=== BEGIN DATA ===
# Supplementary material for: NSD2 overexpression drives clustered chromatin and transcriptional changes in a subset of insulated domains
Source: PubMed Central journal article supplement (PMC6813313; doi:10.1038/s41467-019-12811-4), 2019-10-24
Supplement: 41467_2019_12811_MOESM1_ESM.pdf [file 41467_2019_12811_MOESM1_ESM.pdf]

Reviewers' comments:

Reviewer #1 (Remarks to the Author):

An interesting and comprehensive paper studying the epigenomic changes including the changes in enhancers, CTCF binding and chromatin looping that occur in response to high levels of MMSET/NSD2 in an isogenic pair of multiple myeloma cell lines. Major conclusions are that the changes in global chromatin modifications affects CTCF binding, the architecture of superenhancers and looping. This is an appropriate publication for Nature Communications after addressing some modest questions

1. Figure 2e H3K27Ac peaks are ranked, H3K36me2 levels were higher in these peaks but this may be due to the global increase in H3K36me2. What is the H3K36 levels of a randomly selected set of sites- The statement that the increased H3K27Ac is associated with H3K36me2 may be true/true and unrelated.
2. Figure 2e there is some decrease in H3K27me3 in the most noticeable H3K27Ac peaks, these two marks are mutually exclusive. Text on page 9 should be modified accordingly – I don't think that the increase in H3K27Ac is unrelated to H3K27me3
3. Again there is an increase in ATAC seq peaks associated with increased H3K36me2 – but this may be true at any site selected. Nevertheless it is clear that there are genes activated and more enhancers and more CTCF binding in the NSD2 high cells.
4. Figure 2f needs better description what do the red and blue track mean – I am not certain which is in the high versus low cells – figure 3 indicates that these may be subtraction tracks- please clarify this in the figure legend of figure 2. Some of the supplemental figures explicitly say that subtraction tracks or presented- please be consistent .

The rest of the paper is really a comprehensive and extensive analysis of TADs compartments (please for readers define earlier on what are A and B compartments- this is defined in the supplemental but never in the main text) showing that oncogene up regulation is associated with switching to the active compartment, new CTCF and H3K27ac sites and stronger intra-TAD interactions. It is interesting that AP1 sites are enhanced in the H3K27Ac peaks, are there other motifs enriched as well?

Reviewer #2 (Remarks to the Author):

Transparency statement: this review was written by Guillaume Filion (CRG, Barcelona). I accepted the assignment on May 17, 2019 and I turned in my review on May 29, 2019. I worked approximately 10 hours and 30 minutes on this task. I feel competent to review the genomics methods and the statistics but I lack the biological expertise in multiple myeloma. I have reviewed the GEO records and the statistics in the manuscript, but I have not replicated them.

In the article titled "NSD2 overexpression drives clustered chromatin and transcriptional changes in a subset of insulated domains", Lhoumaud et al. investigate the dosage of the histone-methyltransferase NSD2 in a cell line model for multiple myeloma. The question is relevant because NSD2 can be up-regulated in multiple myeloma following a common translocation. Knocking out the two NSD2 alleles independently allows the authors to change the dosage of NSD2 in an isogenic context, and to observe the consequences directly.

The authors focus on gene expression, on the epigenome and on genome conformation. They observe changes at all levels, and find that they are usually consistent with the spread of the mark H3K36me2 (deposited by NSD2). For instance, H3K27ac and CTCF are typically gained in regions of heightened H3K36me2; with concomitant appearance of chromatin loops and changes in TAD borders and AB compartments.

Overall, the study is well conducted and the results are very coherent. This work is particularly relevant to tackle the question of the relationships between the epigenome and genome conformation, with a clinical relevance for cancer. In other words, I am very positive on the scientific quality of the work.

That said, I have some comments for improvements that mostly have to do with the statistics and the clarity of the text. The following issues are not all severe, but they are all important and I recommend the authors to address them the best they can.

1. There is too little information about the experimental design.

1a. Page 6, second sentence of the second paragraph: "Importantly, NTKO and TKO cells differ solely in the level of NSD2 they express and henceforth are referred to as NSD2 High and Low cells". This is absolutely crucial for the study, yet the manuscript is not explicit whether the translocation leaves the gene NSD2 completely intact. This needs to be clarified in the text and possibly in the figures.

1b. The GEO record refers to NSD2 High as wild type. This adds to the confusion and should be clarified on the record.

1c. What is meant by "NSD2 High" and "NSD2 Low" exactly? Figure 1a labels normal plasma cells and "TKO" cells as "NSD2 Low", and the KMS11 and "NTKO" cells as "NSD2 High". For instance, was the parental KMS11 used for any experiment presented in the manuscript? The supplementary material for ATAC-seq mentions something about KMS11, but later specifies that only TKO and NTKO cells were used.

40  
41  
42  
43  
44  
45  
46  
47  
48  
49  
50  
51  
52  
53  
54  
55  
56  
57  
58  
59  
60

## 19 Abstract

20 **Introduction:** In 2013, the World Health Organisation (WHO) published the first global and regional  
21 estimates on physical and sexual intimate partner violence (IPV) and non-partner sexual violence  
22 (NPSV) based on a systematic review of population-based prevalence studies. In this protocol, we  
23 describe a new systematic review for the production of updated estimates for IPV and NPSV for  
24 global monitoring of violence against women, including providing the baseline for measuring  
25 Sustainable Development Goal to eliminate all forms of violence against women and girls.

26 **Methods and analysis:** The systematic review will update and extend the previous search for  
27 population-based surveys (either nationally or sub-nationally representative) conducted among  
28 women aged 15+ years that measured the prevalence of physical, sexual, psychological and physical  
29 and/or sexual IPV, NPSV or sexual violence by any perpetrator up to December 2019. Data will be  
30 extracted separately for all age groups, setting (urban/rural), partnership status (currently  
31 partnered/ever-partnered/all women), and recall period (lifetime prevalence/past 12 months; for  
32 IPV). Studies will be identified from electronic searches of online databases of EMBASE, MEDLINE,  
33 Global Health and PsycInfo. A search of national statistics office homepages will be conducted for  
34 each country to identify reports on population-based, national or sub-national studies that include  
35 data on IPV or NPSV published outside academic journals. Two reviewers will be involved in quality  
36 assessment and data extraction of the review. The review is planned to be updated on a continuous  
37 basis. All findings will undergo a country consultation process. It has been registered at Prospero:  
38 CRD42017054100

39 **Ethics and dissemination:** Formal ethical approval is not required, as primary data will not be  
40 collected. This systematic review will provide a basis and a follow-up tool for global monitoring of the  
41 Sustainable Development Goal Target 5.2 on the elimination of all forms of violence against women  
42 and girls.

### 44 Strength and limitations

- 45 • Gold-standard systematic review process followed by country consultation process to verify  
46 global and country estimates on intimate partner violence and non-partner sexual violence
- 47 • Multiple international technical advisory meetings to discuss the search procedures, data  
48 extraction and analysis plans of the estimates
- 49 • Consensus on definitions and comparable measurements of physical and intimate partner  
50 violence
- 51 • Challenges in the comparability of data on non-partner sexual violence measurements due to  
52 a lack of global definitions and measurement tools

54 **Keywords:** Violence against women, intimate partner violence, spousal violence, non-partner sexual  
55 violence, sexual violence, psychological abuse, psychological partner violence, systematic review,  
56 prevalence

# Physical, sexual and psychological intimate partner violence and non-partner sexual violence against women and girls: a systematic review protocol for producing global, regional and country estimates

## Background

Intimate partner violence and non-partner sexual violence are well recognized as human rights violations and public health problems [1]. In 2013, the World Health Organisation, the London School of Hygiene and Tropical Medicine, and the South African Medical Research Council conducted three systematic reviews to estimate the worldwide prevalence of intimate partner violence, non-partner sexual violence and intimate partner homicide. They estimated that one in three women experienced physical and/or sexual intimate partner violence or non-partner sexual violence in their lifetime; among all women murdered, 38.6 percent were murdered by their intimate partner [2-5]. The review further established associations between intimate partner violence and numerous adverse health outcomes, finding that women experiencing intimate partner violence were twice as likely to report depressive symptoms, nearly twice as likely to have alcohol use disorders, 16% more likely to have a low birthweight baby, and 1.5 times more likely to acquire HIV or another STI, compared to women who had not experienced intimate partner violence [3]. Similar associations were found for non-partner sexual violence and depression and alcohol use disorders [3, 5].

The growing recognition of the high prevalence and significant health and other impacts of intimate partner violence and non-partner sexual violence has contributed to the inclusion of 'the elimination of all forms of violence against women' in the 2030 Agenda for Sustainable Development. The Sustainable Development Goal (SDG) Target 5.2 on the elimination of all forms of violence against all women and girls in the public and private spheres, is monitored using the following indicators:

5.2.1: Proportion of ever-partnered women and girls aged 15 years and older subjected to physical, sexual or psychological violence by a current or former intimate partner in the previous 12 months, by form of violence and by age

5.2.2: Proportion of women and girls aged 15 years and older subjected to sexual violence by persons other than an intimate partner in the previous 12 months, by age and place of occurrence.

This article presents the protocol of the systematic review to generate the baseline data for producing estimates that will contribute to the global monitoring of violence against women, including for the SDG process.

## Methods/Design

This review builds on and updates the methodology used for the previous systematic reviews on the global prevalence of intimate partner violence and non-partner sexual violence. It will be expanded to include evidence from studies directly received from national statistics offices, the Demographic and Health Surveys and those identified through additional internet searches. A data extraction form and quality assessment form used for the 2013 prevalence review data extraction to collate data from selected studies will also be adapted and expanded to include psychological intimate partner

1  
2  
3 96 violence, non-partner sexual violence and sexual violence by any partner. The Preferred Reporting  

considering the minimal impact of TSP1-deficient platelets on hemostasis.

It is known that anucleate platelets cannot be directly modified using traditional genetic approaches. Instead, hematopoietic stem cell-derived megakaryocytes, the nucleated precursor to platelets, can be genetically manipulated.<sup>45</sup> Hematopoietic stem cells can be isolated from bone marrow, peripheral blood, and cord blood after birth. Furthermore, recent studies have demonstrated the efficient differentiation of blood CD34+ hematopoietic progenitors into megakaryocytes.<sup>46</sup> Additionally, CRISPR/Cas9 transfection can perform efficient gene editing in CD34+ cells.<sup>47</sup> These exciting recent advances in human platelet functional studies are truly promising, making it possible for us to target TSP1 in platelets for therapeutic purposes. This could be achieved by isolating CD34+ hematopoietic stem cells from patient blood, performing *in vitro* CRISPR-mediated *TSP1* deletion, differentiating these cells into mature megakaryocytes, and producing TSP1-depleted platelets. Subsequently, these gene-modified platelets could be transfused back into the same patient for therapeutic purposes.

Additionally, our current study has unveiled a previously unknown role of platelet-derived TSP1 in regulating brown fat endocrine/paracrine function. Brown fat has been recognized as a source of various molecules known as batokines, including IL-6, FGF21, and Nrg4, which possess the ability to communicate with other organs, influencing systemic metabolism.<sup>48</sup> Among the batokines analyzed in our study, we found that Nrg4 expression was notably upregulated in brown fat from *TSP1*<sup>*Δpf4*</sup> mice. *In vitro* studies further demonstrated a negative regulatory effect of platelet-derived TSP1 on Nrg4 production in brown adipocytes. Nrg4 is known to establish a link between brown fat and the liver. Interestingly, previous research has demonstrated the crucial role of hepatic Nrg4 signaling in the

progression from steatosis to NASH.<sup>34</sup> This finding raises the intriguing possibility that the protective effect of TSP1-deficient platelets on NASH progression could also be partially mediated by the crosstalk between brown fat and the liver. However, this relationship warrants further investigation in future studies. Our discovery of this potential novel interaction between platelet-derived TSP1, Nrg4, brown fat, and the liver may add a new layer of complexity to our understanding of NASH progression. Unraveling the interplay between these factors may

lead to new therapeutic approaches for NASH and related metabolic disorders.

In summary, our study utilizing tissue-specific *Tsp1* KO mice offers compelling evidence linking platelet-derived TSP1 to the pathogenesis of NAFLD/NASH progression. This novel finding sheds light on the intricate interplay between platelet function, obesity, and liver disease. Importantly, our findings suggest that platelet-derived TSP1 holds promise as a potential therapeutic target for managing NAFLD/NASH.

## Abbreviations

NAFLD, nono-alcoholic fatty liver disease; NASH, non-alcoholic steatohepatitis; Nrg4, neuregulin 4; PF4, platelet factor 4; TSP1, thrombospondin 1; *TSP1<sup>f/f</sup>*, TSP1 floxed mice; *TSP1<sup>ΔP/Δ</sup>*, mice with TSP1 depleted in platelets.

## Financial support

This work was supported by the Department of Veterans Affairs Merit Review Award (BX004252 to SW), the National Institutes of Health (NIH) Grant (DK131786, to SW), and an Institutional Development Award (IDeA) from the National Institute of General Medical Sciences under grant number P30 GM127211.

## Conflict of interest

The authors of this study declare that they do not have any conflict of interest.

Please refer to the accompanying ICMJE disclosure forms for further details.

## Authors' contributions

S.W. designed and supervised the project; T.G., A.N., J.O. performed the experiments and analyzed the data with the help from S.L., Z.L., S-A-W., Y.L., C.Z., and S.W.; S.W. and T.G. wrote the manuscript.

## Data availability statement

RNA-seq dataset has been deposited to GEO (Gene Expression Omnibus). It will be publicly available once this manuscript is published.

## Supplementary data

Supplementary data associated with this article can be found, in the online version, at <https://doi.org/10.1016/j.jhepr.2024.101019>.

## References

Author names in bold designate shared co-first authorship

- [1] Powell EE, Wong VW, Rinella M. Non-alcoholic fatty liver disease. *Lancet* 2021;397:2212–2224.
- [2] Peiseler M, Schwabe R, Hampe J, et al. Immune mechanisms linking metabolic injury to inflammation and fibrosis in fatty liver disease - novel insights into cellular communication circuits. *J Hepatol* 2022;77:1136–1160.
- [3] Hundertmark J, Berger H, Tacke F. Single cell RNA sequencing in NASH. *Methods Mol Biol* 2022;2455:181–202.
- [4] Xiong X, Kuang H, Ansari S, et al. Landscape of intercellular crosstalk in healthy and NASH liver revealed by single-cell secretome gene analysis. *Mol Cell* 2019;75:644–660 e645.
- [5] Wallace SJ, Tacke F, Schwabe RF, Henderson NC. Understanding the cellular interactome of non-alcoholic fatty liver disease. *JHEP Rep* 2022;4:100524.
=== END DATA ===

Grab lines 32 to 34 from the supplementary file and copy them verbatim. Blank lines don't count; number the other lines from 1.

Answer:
50  
51  
52  